Trump also said he "want[s] to give people better, lower-cost health care." For instance, Trump touted an executive order he signed earlier this year, often referred to as the "favored nations" proposal, which he said will cut prescription drug prices in the United States. Observers have noted that the Trump administration hasn't yet implemented the proposal, so it hasn't yet generated any savings.
In addition, Trump said that he has implemented policies that have made insulin "so cheap, it's like water." While the Trump administration has taken some steps to lower insulin costs for a subset of Medicare beneficiaries, STAT News reports that "insulin still retails for roughly $300 a vial," with "[m]ost patients with diabetes need[ing] two to three vials per month, and some … require[ing] much more."
The coronavirus epidemic: Trump touts his success, Biden touts his plan to move forward
The other major health care issue that sparked contentious debate among the candidates was how to handle America's coronavirus epidemic. Wallace asked the candidates: "Why should people trust you, more than your opponent, to deal with the coronavirus crisis?"
During his response, Biden said Trump has mishandled America's response to the coronavirus epidemic, and he cited reports from interviews in which Trump said he initially downplayed the epidemic to avoid creating "panic" in the United States. Biden also said Trump "still doesn't have a plan" to mitigate the epidemic. "A lot of people died, and a lot more are going to unless [Trump] gets a lot smarter," Biden said.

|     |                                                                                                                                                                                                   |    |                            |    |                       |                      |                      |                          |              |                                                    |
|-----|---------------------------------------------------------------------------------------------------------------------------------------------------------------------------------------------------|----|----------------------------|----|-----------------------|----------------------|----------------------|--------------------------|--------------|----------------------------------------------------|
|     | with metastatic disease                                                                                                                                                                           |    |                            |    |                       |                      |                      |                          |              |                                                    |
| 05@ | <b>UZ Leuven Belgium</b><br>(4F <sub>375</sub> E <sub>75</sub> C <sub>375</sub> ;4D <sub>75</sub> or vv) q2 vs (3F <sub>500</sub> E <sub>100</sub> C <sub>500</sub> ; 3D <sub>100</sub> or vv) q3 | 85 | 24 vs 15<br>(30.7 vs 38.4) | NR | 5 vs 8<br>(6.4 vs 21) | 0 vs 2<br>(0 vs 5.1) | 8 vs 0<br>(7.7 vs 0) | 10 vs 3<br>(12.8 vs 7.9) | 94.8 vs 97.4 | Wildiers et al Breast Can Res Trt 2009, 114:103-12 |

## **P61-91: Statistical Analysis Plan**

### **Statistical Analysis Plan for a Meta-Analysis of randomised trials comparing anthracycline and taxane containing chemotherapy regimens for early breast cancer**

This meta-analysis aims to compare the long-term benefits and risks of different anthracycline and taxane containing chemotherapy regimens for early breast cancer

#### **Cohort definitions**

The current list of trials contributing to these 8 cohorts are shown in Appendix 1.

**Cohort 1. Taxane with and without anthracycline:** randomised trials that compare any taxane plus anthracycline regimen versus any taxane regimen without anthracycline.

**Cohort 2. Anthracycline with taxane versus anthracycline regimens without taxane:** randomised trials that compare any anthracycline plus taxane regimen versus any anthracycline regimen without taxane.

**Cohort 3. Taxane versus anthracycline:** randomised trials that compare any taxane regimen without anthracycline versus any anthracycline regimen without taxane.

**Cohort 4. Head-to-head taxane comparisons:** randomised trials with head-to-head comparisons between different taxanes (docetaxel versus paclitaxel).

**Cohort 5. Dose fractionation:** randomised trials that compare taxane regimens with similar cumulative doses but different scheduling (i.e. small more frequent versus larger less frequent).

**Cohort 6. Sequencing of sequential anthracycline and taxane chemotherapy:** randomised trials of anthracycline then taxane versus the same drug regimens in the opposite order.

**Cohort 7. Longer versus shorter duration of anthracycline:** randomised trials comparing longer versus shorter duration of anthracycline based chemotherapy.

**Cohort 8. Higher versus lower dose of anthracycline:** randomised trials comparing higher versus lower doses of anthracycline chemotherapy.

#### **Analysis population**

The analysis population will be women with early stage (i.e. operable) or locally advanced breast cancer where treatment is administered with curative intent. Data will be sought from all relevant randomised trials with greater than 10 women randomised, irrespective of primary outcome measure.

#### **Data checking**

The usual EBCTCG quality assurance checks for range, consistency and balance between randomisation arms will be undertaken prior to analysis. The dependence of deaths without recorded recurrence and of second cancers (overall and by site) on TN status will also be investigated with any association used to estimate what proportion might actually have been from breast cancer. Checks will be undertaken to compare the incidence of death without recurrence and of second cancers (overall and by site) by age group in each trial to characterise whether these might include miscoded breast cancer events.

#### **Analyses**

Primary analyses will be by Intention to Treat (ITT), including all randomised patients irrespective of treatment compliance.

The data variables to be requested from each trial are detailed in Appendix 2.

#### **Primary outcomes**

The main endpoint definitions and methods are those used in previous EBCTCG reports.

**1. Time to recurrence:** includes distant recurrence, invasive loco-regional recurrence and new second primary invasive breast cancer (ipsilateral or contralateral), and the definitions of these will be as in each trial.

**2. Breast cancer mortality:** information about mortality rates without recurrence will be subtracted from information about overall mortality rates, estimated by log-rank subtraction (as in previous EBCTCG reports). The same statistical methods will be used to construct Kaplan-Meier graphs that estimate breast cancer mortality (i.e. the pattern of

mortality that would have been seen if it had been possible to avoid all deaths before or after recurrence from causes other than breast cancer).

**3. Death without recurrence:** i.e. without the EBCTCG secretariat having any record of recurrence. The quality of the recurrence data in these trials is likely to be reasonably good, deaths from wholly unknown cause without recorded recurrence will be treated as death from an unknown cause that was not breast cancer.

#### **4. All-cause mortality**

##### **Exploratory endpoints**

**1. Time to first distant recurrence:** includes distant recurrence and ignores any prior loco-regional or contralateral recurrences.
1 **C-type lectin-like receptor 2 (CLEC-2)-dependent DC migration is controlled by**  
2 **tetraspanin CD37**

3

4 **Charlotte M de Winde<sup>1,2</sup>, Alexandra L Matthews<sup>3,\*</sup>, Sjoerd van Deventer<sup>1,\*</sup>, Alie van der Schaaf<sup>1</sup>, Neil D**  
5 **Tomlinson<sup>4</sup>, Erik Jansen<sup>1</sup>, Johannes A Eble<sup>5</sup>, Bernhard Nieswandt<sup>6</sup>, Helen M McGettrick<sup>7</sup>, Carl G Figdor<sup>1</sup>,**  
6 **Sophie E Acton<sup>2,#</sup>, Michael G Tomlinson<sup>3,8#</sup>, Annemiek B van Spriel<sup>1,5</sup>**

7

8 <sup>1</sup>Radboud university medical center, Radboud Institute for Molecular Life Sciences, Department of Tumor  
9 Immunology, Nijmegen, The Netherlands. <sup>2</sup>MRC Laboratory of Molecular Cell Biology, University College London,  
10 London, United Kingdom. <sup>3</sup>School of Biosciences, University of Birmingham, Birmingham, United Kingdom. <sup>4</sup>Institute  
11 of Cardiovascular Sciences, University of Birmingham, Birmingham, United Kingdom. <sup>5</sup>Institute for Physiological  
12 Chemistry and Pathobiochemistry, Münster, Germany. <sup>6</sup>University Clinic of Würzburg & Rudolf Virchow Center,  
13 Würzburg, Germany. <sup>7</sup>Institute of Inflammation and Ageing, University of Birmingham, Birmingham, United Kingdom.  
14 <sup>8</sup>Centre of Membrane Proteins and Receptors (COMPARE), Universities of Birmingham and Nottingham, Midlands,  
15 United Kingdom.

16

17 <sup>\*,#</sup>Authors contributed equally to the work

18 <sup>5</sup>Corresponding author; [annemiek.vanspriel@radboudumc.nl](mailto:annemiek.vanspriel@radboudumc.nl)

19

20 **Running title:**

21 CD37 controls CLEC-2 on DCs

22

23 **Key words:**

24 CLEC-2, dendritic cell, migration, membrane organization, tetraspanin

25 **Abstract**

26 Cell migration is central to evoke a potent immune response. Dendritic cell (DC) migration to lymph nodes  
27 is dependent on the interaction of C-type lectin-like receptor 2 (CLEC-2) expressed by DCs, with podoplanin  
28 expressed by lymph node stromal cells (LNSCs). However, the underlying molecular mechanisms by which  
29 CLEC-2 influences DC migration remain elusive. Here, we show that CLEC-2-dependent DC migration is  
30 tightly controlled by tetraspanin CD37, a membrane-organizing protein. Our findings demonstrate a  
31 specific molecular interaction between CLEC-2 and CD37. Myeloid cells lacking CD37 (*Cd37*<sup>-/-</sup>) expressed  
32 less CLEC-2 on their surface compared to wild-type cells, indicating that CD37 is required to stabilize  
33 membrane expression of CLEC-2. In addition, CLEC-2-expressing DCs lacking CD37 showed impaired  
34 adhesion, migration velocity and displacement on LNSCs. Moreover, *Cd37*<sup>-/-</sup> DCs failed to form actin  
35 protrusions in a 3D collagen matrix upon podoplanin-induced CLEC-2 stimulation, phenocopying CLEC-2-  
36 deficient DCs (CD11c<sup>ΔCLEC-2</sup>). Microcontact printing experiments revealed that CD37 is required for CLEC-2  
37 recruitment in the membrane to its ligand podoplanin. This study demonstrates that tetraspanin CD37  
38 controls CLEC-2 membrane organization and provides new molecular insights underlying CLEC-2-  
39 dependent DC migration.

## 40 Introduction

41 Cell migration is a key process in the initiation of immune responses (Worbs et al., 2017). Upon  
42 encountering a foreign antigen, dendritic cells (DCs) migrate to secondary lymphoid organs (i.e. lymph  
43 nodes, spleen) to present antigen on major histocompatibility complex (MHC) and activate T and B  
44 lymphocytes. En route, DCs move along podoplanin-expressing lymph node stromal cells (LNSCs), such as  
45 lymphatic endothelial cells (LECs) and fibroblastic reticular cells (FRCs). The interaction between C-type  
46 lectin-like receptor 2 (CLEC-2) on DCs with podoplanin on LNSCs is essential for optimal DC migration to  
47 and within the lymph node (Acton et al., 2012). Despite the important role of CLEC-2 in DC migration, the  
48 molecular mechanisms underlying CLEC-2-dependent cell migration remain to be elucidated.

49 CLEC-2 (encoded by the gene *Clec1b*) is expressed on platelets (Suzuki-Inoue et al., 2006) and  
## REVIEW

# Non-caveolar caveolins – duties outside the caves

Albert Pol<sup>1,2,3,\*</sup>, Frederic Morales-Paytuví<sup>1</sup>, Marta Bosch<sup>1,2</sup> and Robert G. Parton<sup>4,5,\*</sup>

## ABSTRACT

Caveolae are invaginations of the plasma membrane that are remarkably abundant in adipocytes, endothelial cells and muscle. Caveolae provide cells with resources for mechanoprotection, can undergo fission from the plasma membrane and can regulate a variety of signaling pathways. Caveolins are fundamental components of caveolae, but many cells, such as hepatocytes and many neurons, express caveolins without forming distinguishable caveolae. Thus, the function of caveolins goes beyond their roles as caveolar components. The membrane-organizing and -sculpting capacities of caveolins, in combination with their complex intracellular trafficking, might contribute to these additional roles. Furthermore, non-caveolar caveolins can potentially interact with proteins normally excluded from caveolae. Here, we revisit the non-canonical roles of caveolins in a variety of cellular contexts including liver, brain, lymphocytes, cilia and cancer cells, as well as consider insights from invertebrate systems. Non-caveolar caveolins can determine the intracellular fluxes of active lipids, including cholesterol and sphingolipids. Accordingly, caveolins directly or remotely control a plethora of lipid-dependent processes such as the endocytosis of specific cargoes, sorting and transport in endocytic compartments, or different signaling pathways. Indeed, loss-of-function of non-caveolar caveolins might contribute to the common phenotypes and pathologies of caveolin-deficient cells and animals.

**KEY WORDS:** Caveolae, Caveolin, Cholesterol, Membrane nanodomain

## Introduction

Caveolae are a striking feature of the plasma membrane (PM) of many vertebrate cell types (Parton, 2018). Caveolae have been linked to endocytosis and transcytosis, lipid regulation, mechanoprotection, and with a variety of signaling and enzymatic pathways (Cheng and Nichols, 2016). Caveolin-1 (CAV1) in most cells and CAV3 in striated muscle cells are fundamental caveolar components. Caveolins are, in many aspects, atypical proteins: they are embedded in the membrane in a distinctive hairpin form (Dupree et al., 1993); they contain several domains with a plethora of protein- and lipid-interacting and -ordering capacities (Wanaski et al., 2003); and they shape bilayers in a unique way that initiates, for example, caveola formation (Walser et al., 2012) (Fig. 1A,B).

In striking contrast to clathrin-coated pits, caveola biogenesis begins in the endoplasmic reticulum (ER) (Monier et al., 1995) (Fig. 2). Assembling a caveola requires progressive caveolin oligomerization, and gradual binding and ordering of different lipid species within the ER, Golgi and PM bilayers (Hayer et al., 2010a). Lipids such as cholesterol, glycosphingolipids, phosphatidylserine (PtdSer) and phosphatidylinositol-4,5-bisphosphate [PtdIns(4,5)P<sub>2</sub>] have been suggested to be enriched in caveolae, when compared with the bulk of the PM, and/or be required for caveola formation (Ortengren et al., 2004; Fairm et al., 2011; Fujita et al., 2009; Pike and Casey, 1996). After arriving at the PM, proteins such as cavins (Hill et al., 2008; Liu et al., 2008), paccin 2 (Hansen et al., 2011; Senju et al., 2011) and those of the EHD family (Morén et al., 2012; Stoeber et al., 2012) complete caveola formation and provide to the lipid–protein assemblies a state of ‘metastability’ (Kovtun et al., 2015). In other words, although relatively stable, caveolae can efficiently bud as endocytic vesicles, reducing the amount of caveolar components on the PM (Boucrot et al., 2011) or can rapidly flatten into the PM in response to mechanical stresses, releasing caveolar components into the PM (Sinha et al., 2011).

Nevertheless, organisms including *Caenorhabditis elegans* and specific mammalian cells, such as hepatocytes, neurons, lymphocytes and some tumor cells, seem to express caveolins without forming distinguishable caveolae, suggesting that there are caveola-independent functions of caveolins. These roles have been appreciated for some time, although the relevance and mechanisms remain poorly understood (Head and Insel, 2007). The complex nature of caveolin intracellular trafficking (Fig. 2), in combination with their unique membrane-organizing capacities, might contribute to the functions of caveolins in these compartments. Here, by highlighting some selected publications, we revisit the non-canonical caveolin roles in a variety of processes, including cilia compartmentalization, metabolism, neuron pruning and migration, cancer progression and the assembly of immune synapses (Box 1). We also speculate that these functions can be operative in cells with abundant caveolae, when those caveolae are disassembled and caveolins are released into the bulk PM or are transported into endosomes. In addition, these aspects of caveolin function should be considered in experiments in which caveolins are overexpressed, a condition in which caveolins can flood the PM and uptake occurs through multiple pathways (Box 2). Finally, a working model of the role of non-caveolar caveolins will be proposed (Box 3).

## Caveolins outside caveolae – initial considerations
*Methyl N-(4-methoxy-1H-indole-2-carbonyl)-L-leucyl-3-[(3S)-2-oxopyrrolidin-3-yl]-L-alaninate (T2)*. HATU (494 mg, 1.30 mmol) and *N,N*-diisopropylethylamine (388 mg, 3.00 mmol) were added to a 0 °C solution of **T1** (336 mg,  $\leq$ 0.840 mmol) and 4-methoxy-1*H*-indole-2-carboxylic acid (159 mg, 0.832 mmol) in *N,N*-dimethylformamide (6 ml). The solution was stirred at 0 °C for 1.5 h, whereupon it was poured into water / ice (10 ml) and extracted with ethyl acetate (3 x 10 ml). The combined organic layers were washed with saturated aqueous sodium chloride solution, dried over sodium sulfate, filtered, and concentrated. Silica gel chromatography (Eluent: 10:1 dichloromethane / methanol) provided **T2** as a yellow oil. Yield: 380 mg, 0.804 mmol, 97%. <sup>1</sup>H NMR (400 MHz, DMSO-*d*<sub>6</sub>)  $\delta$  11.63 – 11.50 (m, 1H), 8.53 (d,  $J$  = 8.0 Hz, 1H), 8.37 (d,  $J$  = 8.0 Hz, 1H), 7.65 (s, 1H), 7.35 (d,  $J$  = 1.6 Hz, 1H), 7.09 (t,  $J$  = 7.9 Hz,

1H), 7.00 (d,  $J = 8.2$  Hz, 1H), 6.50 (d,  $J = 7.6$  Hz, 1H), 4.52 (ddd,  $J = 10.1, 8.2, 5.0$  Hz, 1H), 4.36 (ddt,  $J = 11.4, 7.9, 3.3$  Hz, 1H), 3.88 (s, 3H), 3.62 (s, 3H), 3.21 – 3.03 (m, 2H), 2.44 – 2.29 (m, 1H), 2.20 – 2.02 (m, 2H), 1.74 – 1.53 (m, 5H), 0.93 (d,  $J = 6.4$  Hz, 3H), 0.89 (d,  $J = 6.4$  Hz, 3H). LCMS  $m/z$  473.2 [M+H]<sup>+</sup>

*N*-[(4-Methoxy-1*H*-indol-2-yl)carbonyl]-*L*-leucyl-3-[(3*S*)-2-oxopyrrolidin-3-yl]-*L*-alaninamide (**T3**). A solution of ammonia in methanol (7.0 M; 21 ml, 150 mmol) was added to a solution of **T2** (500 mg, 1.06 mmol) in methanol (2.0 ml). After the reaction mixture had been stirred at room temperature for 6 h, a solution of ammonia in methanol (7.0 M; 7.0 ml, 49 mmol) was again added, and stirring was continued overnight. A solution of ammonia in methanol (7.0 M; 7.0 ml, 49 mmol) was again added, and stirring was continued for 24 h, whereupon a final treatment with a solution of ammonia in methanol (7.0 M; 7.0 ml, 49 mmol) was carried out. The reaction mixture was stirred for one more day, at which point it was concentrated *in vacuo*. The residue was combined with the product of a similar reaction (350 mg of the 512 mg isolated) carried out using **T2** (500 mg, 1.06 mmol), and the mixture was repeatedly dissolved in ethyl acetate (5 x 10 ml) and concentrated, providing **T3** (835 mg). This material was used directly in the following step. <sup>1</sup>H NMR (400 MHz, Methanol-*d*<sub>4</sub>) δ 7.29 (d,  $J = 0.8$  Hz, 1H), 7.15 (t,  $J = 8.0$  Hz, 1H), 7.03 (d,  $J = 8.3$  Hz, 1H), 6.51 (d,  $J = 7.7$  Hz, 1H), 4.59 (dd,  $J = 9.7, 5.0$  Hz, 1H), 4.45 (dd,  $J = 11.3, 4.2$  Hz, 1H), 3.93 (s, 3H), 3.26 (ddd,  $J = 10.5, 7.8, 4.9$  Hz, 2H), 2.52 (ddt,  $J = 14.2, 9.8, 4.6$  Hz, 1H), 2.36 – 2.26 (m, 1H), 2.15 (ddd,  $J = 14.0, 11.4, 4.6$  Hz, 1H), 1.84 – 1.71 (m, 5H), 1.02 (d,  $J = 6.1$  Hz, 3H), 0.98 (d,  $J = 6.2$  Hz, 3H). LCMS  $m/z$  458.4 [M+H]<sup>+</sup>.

Biden touted proposals he released in March and July detailing how he would seek to get curb America's coronavirus epidemic. Biden said those plans center on ensuring Americans, businesses, and schools have the protective equipment and funding needed to "save lives" and reopen safely. Biden also said he is skeptical of moving forward with reopening schools and businesses and easing restrictions intended to mitigate the virus' spread given the current state of the country's epidemic, noting that many states are seeing increases in coronavirus infection rates and related deaths.
Biden said Trump hasn't implemented a plan to help the country move forward safely, and he called for providing schools and businesses with funding. "You can't fix the economy until you fix the Covid crisis," Biden said.